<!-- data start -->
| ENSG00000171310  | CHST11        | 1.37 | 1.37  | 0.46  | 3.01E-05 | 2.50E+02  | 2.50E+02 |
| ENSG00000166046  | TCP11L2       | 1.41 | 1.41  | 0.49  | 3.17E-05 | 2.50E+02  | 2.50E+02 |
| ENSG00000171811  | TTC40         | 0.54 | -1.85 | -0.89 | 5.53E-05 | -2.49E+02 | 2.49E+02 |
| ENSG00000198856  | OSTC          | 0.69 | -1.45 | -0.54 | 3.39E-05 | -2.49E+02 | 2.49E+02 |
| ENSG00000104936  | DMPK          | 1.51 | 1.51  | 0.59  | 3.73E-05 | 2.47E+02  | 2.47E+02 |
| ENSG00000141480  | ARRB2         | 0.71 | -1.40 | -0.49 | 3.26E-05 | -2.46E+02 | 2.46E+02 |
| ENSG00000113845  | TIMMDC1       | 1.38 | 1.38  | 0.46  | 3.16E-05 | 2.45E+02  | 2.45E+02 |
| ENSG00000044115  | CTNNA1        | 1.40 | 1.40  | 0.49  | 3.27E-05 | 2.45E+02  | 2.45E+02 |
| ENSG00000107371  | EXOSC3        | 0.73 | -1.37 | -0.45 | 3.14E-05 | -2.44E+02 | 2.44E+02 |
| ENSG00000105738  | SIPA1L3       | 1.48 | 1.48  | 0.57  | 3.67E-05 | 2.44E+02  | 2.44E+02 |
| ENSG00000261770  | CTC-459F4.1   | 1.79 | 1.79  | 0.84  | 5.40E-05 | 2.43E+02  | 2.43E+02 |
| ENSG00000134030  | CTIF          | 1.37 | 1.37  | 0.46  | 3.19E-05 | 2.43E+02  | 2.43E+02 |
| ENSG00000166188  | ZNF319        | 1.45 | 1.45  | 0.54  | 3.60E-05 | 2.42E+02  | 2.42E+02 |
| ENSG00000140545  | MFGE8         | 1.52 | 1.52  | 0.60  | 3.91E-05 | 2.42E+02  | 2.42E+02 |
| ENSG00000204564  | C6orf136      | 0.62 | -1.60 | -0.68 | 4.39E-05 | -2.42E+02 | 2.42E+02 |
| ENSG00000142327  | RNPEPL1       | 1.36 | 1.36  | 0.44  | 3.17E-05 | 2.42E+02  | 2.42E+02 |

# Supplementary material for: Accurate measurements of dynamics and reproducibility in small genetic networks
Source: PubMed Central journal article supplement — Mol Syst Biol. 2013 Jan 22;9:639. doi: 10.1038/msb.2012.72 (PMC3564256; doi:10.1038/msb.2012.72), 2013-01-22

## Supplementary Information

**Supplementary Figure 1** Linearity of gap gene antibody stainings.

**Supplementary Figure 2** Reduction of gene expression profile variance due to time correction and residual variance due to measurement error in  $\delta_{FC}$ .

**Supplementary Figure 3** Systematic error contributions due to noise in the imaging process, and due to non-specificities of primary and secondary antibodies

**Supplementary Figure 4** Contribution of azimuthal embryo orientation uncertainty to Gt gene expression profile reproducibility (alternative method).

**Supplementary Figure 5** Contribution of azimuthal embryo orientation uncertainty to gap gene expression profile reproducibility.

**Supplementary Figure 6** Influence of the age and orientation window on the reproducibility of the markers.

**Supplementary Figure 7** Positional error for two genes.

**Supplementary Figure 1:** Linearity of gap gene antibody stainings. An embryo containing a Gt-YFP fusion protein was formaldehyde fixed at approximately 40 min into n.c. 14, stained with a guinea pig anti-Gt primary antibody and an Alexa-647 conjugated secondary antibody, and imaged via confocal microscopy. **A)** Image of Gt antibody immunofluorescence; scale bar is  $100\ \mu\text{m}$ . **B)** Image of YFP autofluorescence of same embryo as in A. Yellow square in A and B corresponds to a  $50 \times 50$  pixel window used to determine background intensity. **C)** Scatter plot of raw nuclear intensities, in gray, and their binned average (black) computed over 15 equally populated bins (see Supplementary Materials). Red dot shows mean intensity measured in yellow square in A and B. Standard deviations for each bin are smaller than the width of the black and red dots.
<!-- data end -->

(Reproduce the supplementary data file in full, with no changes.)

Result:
| ENSG00000171310  | CHST11        | 1.37 | 1.37  | 0.46  | 3.01E-05 | 2.50E+02  | 2.50E+02 |
| ENSG00000166046  | TCP11L2       | 1.41 | 1.41  | 0.49  | 3.17E-05 | 2.50E+02  | 2.50E+02 |
| ENSG00000171811  | TTC40         | 0.54 | -1.85 | -0.89 | 5.53E-05 | -2.49E+02 | 2.49E+02 |
| ENSG00000198856  | OSTC          | 0.69 | -1.45 | -0.54 | 3.39E-05 | -2.49E+02 | 2.49E+02 |
| ENSG00000104936  | DMPK          | 1.51 | 1.51  | 0.59  | 3.73E-05 | 2.47E+02  | 2.47E+02 |
| ENSG00000141480  | ARRB2         | 0.71 | -1.40 | -0.49 | 3.26E-05 | -2.46E+02 | 2.46E+02 |
| ENSG00000113845  | TIMMDC1       | 1.38 | 1.38  | 0.46  | 3.16E-05 | 2.45E+02  | 2.45E+02 |
| ENSG00000044115  | CTNNA1        | 1.40 | 1.40  | 0.49  | 3.27E-05 | 2.45E+02  | 2.45E+02 |
| ENSG00000107371  | EXOSC3        | 0.73 | -1.37 | -0.45 | 3.14E-05 | -2.44E+02 | 2.44E+02 |
| ENSG00000105738  | SIPA1L3       | 1.48 | 1.48  | 0.57  | 3.67E-05 | 2.44E+02  | 2.44E+02 |
| ENSG00000261770  | CTC-459F4.1   | 1.79 | 1.79  | 0.84  | 5.40E-05 | 2.43E+02  | 2.43E+02 |
| ENSG00000134030  | CTIF          | 1.37 | 1.37  | 0.46  | 3.19E-05 | 2.43E+02  | 2.43E+02 |
| ENSG00000166188  | ZNF319        | 1.45 | 1.45  | 0.54  | 3.60E-05 | 2.42E+02  | 2.42E+02 |
| ENSG00000140545  | MFGE8         | 1.52 | 1.52  | 0.60  | 3.91E-05 | 2.42E+02  | 2.42E+02 |
| ENSG00000204564  | C6orf136      | 0.62 | -1.60 | -0.68 | 4.39E-05 | -2.42E+02 | 2.42E+02 |
| ENSG00000142327  | RNPEPL1       | 1.36 | 1.36  | 0.44  | 3.17E-05 | 2.42E+02  | 2.42E+02 |

# Supplementary material for: Accurate measurements of dynamics and reproducibility in small genetic networks
Source: PubMed Central journal article supplement — Mol Syst Biol. 2013 Jan 22;9:639. doi: 10.1038/msb.2012.72 (PMC3564256; doi:10.1038/msb.2012.72), 2013-01-22

## Supplementary Information

**Supplementary Figure 1** Linearity of gap gene antibody stainings.

**Supplementary Figure 2** Reduction of gene expression profile variance due to time correction and residual variance due to measurement error in  $\delta_{FC}$ .

**Supplementary Figure 3** Systematic error contributions due to noise in the imaging process, and due to non-specificities of primary and secondary antibodies

**Supplementary Figure 4** Contribution of azimuthal embryo orientation uncertainty to Gt gene expression profile reproducibility (alternative method).

**Supplementary Figure 5** Contribution of azimuthal embryo orientation uncertainty to gap gene expression profile reproducibility.

**Supplementary Figure 6** Influence of the age and orientation window on the reproducibility of the markers.

**Supplementary Figure 7** Positional error for two genes.

**Supplementary Figure 1:** Linearity of gap gene antibody stainings. An embryo containing a Gt-YFP fusion protein was formaldehyde fixed at approximately 40 min into n.c. 14, stained with a guinea pig anti-Gt primary antibody and an Alexa-647 conjugated secondary antibody, and imaged via confocal microscopy. **A)** Image of Gt antibody immunofluorescence; scale bar is  $100\ \mu\text{m}$ . **B)** Image of YFP autofluorescence of same embryo as in A. Yellow square in A and B corresponds to a  $50 \times 50$  pixel window used to determine background intensity. **C)** Scatter plot of raw nuclear intensities, in gray, and their binned average (black) computed over 15 equally populated bins (see Supplementary Materials). Red dot shows mean intensity measured in yellow square in A and B. Standard deviations for each bin are smaller than the width of the black and red dots.